Comedy open-mic nights
Getting a spot at the open-mic night of this long-running Shoreditch club is a big deal for newbies. With a capacity of 200, it’s a big room for the inexperienced, so can be a challenge. But the Comedy Café has a seriously good hit rate at spotting future stars.
Whether it’s a song, monologue or sketch, piece of improv, mime, or stand-up, as long as it’s funny, it’s granted a spot at Up The Creek’s weekly open-mic club on Thursday nights. And with a professional MC handling proceedings, you’re guaranteed a fun show, whatever the line-up may be.
The waiting list for an open-mic spot at the King’s Head’s weekly showcase can be rather long. Why? Well, because this basement space is a joy to play and one of the most highly regarded clubs in the capital.
The Monday-night drinkers; the vicious heckling; the fear on comedians' faces – The Comedy Store’s gong show is undoubtedly the rowdiest open-mic night in town. But it’s also the most fun. Each act attempts to survive five minutes on stage, trying to keep the audience on their side and hoping not to be ‘gonged off’ by the MC. It’s simply not to be missed.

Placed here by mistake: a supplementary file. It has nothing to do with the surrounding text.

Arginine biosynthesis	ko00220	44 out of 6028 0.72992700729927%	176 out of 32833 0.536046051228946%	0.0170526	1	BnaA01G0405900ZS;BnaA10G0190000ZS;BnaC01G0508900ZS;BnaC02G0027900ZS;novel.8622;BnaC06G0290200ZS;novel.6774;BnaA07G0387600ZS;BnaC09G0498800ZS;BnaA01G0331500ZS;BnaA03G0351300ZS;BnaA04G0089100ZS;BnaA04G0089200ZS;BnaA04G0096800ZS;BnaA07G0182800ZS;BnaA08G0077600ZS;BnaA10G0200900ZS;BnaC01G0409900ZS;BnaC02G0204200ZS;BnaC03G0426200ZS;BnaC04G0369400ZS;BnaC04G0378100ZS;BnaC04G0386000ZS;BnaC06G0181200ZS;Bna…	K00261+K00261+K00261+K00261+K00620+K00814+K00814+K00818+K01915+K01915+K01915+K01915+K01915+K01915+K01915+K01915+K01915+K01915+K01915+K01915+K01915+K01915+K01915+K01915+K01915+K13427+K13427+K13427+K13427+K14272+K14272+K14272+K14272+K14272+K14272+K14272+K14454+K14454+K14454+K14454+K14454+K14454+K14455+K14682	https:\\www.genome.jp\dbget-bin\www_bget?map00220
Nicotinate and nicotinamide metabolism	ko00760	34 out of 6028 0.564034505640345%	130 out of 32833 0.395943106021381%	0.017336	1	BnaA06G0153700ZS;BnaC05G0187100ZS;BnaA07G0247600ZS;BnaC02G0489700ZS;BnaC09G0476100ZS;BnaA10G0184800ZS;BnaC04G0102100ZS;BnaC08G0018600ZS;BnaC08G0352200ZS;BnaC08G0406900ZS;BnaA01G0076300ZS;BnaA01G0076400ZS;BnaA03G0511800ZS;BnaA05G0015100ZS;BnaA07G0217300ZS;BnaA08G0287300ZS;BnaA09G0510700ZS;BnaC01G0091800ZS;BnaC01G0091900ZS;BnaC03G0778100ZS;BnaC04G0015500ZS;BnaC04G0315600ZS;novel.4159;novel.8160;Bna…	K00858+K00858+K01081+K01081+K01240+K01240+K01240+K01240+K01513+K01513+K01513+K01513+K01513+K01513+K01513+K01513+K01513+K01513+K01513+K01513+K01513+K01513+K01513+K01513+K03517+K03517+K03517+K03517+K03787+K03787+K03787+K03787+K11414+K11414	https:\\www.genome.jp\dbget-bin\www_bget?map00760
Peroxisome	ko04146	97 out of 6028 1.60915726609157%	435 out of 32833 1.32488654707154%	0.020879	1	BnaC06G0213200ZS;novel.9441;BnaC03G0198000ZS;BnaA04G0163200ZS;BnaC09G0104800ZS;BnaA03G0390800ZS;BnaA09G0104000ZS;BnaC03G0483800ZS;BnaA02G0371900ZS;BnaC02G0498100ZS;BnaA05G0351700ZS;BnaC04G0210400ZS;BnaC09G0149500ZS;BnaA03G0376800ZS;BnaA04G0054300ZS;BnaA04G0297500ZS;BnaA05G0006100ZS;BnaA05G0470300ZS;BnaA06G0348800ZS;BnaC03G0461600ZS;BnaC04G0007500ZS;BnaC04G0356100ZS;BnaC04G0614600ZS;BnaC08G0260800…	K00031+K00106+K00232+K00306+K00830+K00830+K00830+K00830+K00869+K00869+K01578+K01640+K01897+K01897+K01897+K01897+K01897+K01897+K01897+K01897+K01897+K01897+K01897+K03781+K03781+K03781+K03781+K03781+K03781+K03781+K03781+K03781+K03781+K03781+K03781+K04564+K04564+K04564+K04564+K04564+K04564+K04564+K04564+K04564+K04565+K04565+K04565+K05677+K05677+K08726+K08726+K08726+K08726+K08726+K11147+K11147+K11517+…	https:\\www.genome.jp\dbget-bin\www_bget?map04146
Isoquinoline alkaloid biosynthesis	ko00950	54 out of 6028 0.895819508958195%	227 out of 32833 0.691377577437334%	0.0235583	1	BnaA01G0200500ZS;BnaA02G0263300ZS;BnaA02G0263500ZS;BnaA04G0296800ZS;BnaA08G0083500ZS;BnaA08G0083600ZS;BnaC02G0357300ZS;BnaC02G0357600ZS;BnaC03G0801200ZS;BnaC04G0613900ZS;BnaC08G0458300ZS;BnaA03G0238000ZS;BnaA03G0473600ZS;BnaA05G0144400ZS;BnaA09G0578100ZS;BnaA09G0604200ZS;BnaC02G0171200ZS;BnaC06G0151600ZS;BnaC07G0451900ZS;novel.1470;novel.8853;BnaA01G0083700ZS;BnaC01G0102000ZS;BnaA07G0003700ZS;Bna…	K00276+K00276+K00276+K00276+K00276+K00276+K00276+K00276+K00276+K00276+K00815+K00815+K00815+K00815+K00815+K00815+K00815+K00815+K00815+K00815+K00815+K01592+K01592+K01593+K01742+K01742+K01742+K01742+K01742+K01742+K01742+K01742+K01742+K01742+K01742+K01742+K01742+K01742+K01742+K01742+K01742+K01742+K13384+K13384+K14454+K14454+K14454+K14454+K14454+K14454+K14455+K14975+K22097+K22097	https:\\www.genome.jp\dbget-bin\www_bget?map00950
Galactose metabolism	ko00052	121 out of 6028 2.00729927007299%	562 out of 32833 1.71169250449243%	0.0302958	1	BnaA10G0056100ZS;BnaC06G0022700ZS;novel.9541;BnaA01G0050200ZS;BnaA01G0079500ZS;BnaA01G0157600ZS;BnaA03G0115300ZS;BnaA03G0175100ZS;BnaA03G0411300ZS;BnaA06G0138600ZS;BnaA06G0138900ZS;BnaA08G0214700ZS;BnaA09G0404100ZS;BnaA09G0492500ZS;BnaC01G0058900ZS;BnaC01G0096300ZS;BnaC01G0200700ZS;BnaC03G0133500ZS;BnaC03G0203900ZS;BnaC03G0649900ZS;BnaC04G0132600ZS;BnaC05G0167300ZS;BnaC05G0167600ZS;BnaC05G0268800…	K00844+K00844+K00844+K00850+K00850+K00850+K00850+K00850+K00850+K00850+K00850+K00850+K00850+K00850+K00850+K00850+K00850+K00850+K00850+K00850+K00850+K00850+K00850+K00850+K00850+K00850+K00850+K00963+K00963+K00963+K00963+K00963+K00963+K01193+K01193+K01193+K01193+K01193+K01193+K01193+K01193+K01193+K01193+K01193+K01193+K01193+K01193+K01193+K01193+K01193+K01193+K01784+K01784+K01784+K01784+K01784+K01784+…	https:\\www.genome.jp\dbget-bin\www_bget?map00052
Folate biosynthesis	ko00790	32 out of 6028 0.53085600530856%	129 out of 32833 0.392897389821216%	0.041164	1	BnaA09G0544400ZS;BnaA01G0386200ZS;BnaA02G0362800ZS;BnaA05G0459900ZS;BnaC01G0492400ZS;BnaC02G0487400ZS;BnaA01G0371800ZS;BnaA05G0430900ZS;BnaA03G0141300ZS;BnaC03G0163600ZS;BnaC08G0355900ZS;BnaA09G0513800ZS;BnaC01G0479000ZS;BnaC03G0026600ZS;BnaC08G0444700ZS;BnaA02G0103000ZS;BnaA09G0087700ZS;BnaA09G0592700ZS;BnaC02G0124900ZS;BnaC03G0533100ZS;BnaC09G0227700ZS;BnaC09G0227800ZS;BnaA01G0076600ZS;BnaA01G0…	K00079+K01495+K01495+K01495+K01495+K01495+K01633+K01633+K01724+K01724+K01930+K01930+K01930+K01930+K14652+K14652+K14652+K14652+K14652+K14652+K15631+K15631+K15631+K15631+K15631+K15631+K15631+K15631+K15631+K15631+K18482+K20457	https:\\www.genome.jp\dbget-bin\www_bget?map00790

If variety is the spice of life, Stoke Newington’s Party Piece is one spicy comedy gig. As well as a showcase for open-mic stand-ups, warm host Tom Webb invites sketches, music, magic and dance acts, plus anyone else who might be entertaining. Plus it’s free!
Open-mic comics only make up a small part of this ramshackle gig in Fitzrovia, but they’re often some of the most peculiar in town. The sublimely daft Brian Damage & Krysstal and Anthony Miller are hosts, and even if the gig does go tits up, it’s always a right laugh.
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